Wilson, Douglas, and Nathan D. Wilson. The Rhetoric Companion: A Student's Guide to Power in Persuasion. Moscow, Idaho: Canon, 2011.
Lesson 16, “Fallacies on the Street III” pp. 79-81.
Wilson now observes that informal fallacies may have structural problems. These arguments are very often used and should be identified.
Petitio principii - begging the question (Wilson 2011, 79). Although when it comes to ultimate questions such as existence some of this is necessary, in day to day situations it is not sound. Wilson observes “Honest Harry” can’t prove his honesty by his sign that says he is honest.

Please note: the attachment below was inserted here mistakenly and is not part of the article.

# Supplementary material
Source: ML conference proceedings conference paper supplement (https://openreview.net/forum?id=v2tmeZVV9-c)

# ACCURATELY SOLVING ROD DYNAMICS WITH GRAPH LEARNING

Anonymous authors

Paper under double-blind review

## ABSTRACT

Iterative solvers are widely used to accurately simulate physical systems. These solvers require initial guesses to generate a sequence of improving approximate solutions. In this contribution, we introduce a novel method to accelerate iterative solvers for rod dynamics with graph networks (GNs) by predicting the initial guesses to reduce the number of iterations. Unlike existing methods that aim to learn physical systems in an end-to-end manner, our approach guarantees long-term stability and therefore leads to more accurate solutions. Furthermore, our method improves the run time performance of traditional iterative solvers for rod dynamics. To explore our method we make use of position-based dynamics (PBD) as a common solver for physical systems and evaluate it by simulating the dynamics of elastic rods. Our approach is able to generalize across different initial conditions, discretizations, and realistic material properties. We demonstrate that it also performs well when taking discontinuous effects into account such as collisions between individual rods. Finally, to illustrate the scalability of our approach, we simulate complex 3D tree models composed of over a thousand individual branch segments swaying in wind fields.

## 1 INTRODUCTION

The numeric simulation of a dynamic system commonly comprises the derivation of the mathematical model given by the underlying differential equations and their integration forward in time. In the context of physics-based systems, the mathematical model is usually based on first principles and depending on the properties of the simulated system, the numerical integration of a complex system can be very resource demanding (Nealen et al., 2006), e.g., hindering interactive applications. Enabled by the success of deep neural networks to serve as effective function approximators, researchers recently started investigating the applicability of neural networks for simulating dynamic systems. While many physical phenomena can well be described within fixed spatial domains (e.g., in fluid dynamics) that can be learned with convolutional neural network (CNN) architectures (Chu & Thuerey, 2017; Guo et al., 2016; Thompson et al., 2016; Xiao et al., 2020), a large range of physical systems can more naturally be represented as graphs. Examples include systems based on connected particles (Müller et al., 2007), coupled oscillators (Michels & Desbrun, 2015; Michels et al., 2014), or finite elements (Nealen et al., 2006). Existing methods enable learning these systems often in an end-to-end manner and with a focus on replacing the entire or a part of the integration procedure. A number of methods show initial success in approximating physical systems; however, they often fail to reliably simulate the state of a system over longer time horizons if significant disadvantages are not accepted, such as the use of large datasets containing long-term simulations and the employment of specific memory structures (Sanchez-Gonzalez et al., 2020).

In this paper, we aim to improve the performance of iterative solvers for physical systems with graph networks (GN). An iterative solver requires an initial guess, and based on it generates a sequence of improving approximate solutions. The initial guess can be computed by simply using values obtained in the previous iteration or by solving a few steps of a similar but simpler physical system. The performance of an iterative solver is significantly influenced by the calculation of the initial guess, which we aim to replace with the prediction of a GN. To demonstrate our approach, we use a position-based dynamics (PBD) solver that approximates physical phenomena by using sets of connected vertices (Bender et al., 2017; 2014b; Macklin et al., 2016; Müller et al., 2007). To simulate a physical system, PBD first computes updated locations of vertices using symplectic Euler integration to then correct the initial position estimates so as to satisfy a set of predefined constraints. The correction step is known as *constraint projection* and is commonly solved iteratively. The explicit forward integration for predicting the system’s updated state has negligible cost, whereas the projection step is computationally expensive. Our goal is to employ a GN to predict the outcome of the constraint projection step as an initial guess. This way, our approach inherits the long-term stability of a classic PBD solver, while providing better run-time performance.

Post hoc ergo propter hoc (Wilson 2011, 80). Priority in time is asserted to be a cause. Causality is not necessarily indicated.
Either/or (Wilson 2011, 80). This limits choices to two even when there are more than two possibilities.
Complex (loaded) Question (Wilson 2011, 80). The question is phrased in such a way as to require an incriminating answer.
Aphorism (hasty generalization) (Wilson 2011, 81). This inductive argument could be valid but normally leaves out important data. Wilson’s example, “Herbert is a misogynist. I hate men.”